France Elects a New President: Analysis and Five Notable Facts

by Hüseyin Koyuncu // Published May 7, 2012
Hollande Sarkozy 20120419

 

On May 6th, Francois Hollande won the second round runoff in France’s presidential election and will become the second socialist president of the Fifth Republic. Hollande defeated Nicolas Sarkozy (UMP), who will serve only one five-year term in the Elysee Palace. Hollande obtained 51.6% of valid votes, as compared with 48.4% for Sarkozy. 

Voter turnout was 80.35% of registered voters, including more than two million voters (nearly 6% of all voters at the poll who did not cast a valid ballot). Overall turnout was higher than the 79.34% turnout in the first round of voting last month (although lower among valid ballots), but lower than the 83.97% turnout in the final runoff election in 2007

France acts on its elections quickly, with the official count done quickly. Sarkozy will turn power over to Hollande on May 15, only nine days after the election. Tomorrow the two men will appear together at the May 8th ceremony in Paris.

At his campaign headquarters in Paris after the election, Hollande said that he had already turned to forming his government – a more straightforward task in France than in the United States, where the Senate must confirm all major political appointees and where parties are less cohesive and organized than in France. Among his commitments, Hollande plans to pursue equal gender balance in his major political appointments.

Holland must also prepare immediately for upcoming international meetings, such as the G8 and NATO summits. Given the result in France and the backlash in this weekend’s elections in Greece to the parties that negotiated its economic bailout, these meetings will be very important and may lead to changes in European economic policy.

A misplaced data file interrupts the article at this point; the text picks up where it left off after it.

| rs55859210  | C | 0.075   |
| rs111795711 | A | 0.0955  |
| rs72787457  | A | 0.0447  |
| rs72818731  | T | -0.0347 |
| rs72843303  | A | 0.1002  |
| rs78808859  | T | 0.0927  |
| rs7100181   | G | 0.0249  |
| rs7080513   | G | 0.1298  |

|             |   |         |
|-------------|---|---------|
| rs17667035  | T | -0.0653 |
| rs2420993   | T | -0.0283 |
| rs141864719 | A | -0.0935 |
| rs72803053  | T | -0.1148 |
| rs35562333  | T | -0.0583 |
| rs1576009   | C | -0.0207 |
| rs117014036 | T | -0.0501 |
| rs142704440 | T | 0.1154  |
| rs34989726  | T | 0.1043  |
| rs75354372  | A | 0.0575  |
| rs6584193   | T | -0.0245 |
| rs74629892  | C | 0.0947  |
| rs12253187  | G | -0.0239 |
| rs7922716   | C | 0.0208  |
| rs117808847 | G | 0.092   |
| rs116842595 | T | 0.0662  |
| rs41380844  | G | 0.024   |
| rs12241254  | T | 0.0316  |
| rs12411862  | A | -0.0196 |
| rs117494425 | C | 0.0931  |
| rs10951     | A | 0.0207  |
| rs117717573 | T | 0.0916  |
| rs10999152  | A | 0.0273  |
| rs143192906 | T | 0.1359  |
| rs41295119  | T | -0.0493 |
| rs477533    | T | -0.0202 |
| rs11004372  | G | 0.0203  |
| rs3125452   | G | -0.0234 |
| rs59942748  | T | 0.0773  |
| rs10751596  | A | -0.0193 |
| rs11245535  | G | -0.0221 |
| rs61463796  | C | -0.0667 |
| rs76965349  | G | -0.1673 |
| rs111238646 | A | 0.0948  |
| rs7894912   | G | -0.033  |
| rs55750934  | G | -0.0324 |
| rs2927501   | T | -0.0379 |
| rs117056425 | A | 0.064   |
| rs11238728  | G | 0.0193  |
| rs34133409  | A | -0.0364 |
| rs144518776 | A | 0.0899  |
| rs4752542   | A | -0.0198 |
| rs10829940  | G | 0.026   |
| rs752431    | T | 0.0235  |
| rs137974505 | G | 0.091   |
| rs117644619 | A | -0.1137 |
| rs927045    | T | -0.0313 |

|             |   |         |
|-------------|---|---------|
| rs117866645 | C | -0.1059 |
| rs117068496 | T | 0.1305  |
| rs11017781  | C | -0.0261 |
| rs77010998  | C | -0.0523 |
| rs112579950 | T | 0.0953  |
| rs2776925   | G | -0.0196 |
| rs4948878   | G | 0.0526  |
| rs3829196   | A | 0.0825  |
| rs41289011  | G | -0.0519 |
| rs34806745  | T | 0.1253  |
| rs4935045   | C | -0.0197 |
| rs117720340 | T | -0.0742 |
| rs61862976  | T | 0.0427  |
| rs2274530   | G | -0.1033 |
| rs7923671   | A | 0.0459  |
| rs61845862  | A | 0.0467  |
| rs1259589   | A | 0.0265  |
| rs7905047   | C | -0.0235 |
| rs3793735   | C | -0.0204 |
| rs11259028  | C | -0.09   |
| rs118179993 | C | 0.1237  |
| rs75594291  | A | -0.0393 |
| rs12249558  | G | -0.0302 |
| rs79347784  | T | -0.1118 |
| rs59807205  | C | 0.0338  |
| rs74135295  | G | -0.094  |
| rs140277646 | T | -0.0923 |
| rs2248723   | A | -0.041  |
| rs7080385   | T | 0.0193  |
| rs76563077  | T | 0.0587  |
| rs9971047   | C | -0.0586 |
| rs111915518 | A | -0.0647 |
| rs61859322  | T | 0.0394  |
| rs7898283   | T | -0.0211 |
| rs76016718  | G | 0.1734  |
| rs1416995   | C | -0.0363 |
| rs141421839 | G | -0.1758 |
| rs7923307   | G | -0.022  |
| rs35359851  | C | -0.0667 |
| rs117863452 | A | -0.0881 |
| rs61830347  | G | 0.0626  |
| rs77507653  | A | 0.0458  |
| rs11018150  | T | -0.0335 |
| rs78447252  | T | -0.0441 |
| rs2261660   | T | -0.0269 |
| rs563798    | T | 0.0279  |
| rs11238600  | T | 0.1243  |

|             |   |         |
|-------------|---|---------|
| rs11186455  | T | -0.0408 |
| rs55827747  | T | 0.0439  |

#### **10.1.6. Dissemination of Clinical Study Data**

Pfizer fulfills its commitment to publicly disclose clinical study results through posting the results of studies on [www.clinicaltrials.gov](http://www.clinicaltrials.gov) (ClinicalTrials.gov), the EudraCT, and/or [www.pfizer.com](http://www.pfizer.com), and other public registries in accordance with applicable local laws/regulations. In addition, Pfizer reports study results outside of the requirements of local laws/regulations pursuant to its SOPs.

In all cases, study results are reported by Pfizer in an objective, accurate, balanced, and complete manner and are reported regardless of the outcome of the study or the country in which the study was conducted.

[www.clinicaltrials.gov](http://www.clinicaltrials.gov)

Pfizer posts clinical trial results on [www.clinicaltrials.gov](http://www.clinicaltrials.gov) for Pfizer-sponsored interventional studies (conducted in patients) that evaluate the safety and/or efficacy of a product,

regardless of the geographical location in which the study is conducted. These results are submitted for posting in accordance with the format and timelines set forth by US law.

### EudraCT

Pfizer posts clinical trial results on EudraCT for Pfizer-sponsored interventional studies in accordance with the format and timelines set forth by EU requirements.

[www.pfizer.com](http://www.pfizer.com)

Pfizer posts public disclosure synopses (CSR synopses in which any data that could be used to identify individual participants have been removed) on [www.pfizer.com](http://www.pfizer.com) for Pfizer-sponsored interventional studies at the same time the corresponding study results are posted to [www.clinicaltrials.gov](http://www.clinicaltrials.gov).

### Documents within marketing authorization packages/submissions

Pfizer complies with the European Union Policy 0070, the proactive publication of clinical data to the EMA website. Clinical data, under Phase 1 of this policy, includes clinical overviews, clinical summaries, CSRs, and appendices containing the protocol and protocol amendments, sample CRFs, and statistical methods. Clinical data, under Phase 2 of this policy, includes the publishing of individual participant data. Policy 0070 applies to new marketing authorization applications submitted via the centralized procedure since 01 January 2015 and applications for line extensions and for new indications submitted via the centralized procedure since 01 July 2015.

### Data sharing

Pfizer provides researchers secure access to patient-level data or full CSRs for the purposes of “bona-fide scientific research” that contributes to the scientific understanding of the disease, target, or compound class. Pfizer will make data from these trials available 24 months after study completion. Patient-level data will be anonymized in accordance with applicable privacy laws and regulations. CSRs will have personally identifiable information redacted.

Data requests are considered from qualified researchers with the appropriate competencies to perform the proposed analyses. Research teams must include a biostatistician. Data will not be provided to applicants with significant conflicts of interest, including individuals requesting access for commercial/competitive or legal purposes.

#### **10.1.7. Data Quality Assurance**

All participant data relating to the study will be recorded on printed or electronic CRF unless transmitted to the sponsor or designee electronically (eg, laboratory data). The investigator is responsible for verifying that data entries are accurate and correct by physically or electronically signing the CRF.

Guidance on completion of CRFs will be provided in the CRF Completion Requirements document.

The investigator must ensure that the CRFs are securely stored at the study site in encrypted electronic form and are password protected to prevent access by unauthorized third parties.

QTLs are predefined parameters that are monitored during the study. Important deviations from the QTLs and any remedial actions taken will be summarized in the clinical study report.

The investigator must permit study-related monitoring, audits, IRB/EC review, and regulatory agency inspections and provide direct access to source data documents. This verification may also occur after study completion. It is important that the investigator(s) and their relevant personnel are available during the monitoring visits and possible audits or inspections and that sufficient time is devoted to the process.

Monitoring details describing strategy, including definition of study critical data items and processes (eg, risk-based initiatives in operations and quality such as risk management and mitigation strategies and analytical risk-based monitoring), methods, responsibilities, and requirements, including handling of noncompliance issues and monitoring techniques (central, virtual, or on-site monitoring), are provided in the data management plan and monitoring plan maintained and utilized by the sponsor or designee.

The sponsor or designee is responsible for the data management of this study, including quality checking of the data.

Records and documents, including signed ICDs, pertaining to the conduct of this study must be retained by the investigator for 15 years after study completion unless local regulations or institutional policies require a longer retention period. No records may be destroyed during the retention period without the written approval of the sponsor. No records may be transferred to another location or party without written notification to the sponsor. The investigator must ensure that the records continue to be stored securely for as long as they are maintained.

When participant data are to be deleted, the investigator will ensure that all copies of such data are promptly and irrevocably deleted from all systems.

Sarkozy Faces the Voters

Having faced an economic crisis since 2008 -- meaning most of his term -- Sarkozy faced a difficult re-election challenge. He was counting on a surge of right-leaning voters with appeals to the backers of the 6.4 million “frontist” voters who backed Maxine Le Pen in the first round, but failed to obtain the majority necessary for re-election.

Up until Election Day, he nevertheless displayed his confidence and promised "surprises", a burst of the "silent majority qui n’a pas eu lieu. But on Sunday night, he accepted his defeat, saying, "I bear all responsibility for this defeat, I'm not a man who does not assume his responsibilities. I need to draw all the consequences.” He has pledged to abandon electoral politics and resume his law career. 

International Reactions

White House press secretary Jay Carney said that Barack Obama congratulated Francois Hollande for his election to the French Presidency, and invited him to a bilateral meeting at the White House before the G8 and NATO summits planned for 18th and 20th May in U.S. Carney said that “President Obama said he intends to work closely with Mr. Holland and his government on a range of difficult issues in economic and security.”

German chancellor, Angela Merkel, who had taken the unusual step of publicly backing Sarkozy’s candidacy, has called the new Socialist president to congratulate him on his election. “They had a first exchange and agreed to work together on a Franco-German relationship that is strong, friendly and at the service of Europe, "according to the socialist Pierre Moscovici.

General Elections for Parliament in June

In the aftermath of this victory, both socialist and right parties are embarking on a new campaign, the legislative elections will be held on 10 June, with any necessary runoffs on 17 June. Since the presidential term was lowered from seven to five years, general elections for parliament take place immediately after the presidential election. This timing allows the French to more easily ensure a majority for the newly elected President, as they did in rewarding the party of the winning president in parliamentary elections in 2002 and 2007. In addition, parliamentary elections are held with winner-take-all,  single-member districts, allowing the leading party to exaggerate its representation in parliament.